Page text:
|Industrial sector(s)||Food industry, petrochemical industry, pharmaceutical industry, agricultural industry|
|Main technologies or sub-processes||Various transition metal catalysts, high-pressure technology|
|Feedstock||Unsaturated substrates and hydrogen or hydrogen donors|
|Product(s)||Saturated hydrocarbons and derivatives|
|Year of invention||1897|
Hydrogenation – meaning, to treat with hydrogen – is a chemical reaction between molecular hydrogen (H2) and another compound or element, usually in the presence of a catalyst such as nickel, palladium or platinum. The process is commonly employed to reduce or saturate organic compounds. Hydrogenation typically constitutes the addition of pairs of hydrogen atoms to a molecule, often an alkene. Catalysts are required for the reaction to be usable; non-catalytic hydrogenation takes place only at very high temperatures. Hydrogenation reduces double and triple bonds in hydrocarbons.
It has three components, the unsaturated substrate, the hydrogen (or hydrogen source) and, invariably, a catalyst. The reduction reaction is carried out at different temperatures and pressures depending upon the substrate and the activity of the catalyst.
The same catalysts and conditions that are used for hydrogenation reactions can also lead to isomerization of the alkenes from cis to trans. This process is of great interest because hydrogenation technology generates most of the trans fat in foods (see § Food industry below). A reaction where bonds are broken while hydrogen is added is called hydrogenolysis, a reaction that may occur to carbon-carbon and carbon-heteroatom (oxygen, nitrogen or halogen) bonds. Some hydrogenations of polar bonds are accompanied by hydrogenolysis.
For hydrogenation, the obvious source of hydrogen is H2 gas itself, which is typically available commercially within the storage medium of a pressurized cylinder. The hydrogenation process often uses greater than 1 atmosphere of H2, usually conveyed from the cylinders and sometimes augmented by "booster pumps". Gaseous hydrogen is produced industrially from hydrocarbons by the process known as steam reforming. For many applications, hydrogen is transferred from donor molecules such as formic acid, isopropanol, and dihydroanthracene. These hydrogen donors undergo dehydrogenation to, respectively, carbon dioxide, acetone, and anthracene. These processes are called transfer hydrogenations.
An important characteristic of alkene and alkyne hydrogenations, both the homogeneously and heterogeneously catalyzed versions, is that hydrogen addition occurs with "syn addition", with hydrogen entering from the least hindered side. This reaction can be performed on a variety of different functional groups.
|Substrate||Product||Comments||Heat of hydrogenation|
|large application is production of margarine||−90 to −130|
|semihydrogenation gives cis-RHC=CHR'
(for full hydrogenation)
|often employs transfer hydrogenation||−60 to −65|
|often employs transfer hydrogenation||−60 to −65|
|RCH2OH + R'OH
|often applies to production of fatty alcohols||−25 to −105|
|applicable to fatty alcohols||−25 to −75|
|major application is aniline||−550|
With rare exceptions, H2 is unreactive toward organic compounds in the absence of metal catalysts. The unsaturated substrate is chemisorbed onto the catalyst, with most sites covered by the substrate. In heterogeneous catalysts, hydrogen forms surface hydrides (M-H) from which hydrogens can be transferred to the chemisorbed substrate. Platinum, palladium, rhodium, and ruthenium form highly active catalysts, which operate at lower temperatures and lower pressures of H2. Non-precious metal catalysts, especially those based on nickel (such as Raney nickel and Urushibara nickel) have also been developed as economical alternatives, but they are often slower or require higher temperatures. The trade-off is activity (speed of reaction) vs. cost of the catalyst and cost of the apparatus required for use of high pressures. Notice that the Raney-nickel catalysed hydrogenations require high pressures:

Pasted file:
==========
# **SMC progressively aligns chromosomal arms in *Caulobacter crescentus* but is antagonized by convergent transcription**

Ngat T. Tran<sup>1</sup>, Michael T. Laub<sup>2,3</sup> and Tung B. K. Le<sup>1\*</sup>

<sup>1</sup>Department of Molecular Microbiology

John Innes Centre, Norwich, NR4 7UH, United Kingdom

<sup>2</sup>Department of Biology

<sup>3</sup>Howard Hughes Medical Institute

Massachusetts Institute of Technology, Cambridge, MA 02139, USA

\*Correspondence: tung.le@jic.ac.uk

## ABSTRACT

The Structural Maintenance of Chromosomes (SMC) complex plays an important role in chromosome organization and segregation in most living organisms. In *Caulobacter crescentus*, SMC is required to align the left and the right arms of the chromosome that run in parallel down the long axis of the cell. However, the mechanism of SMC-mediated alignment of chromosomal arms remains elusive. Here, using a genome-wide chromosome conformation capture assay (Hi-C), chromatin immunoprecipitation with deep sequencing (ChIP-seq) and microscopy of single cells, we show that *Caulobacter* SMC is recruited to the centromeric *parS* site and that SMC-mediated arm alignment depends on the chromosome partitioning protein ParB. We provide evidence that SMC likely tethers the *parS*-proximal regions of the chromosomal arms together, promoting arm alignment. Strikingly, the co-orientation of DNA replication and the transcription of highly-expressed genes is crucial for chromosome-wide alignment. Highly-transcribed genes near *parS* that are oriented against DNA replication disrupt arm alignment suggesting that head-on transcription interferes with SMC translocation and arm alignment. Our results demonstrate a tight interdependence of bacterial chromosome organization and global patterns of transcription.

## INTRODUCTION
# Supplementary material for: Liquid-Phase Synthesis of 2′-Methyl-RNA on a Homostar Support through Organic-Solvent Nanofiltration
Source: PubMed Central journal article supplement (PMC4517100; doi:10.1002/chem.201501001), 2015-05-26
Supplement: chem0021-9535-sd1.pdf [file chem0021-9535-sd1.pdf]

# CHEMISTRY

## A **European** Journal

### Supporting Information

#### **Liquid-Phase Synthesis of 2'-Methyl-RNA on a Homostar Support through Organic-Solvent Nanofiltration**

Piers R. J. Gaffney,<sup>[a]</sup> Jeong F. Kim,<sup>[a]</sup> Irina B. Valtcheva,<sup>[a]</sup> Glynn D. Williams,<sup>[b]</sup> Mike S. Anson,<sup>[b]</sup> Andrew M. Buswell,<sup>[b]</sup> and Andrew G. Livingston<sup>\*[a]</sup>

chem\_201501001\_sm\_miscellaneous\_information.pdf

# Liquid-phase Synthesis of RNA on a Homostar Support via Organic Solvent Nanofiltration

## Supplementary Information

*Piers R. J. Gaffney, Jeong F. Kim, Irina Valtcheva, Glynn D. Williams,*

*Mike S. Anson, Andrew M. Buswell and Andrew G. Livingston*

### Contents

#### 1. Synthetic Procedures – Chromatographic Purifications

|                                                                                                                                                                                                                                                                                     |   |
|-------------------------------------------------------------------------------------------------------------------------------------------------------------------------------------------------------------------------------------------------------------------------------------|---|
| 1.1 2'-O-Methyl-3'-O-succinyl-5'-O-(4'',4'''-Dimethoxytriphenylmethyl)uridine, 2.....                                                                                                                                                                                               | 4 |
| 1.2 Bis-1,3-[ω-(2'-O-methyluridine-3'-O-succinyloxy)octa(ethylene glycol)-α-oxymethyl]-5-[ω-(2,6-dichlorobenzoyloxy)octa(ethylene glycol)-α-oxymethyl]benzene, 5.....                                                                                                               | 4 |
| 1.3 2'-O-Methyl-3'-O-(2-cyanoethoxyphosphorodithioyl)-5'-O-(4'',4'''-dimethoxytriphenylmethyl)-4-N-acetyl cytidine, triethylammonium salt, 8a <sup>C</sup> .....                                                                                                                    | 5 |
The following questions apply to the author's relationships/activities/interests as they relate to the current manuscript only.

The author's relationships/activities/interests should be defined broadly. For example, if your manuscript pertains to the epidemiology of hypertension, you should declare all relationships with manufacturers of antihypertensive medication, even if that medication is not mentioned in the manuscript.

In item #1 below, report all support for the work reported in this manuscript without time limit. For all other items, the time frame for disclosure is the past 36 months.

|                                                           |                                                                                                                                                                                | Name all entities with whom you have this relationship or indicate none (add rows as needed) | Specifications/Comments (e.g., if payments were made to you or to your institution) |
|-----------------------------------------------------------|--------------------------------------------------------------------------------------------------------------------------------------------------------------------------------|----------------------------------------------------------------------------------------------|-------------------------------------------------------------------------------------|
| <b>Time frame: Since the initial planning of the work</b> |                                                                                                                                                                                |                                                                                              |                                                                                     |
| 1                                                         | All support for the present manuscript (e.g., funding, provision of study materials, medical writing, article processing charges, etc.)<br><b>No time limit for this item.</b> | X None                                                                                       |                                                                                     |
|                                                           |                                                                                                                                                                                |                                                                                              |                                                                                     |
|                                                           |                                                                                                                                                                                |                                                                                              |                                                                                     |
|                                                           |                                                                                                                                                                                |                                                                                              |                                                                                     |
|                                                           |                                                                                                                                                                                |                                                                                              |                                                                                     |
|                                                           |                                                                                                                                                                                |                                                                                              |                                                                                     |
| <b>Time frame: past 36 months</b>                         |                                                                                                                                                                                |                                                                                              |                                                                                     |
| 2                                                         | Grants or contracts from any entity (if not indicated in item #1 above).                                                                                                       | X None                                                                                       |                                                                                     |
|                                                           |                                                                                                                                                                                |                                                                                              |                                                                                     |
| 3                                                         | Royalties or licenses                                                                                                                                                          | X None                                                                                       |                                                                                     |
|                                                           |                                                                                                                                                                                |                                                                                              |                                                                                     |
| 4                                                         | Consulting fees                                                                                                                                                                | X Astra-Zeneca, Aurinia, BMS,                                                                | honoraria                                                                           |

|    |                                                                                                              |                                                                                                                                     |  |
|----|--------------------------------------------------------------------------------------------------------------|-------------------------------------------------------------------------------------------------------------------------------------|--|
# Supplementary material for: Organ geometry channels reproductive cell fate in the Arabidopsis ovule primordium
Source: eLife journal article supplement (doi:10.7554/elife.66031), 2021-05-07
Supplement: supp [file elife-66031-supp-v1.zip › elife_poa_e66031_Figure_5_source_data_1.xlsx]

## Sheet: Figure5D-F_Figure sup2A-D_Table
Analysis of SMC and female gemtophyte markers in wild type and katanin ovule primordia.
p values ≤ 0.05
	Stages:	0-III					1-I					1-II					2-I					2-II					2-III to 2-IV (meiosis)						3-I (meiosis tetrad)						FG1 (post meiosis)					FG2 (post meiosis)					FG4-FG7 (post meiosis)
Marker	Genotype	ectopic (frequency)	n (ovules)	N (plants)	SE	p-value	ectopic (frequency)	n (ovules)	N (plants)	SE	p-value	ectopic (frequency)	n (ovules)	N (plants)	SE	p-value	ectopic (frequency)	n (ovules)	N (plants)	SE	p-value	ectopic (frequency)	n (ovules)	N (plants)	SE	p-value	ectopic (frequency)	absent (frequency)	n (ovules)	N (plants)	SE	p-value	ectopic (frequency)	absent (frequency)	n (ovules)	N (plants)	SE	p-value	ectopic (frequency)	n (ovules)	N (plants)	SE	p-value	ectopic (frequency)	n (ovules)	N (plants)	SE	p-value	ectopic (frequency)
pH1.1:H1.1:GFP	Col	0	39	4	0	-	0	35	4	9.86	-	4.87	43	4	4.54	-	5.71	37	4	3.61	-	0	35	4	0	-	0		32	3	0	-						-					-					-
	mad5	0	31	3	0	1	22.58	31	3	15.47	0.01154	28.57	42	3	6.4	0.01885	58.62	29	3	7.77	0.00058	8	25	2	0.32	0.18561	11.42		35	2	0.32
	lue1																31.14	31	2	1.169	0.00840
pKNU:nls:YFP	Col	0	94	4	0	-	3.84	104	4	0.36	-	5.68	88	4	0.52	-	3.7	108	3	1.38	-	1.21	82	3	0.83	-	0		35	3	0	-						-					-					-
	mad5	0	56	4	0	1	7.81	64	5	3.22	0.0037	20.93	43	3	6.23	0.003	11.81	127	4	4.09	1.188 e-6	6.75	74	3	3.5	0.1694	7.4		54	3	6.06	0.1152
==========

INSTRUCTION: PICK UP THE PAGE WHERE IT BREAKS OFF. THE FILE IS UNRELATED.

Catalysts are usually classified into two broad classes: homogeneous catalysts and heterogeneous catalysts. Homogeneous catalysts dissolve in the solvent that contains the unsaturated substrate. Heterogeneous catalysts are solids that are suspended in the same solvent with the substrate or are treated with gaseous substrate.
Some well known homogeneous catalysts are indicated below. These are coordination complexes that activate both the unsaturated substrate and the H2. Most typically, these complexes contain platinum group metals, especially Rh and Ir.
Dichlorotris(triphenylphosphine)ruthenium(II) is a precatalyst based on ruthenium.
Crabtree's catalyst is a highly active catalyst featuring iridium.
Rh2Cl2(cod)2 is a precursor to many homogeneous catalysts.
(S)-iPr-PHOX is a typical chelating phosphine ligand used in asymmetric hydrogenation.
Homogeneous catalysts are also used in asymmetric synthesis by the hydrogenation of prochiral substrates. An early demonstration of this approach was the Rh-catalyzed hydrogenation of enamides as precursors to the drug L-DOPA. To achieve asymmetric reduction, these catalyst are made chiral by use of chiral diphosphine ligands. Rhodium catalyzed hydrogenation has also been used in the herbicide production of S-metolachlor, which uses a Josiphos type ligand (called Xyliphos). In principle asymmetric hydrogenation can be catalyzed by chiral heterogeneous catalysts, but this approach remains more of a curiosity than a useful technology.
Heterogeneous catalysts for hydrogenation are more common industrially. In industry, precious metal hydrogenation catalysts are deposited from solution as a fine powder on the support, which is a cheap, bulky, porous, usually granular material, such as activated carbon, alumina, calcium carbonate or barium sulfate. For example, platinum on carbon is produced by reduction of chloroplatinic acid in situ in carbon. Examples of these catalysts are 5% ruthenium on activated carbon, or 1% platinum on alumina. Base metal catalysts, such as Raney nickel, are typically much cheaper and do not need a support. Also, in the laboratory, unsupported (massive) precious metal catalysts such as platinum black are still used, despite the cost.
As in homogeneous catalysts, the activity is adjusted through changes in the environment around the metal, i.e. the coordination sphere. Different faces of a crystalline heterogeneous catalyst display distinct activities, for example. This can be modified by mixing metals or using different preparation techniques. Similarly, heterogeneous catalysts are affected by their supports.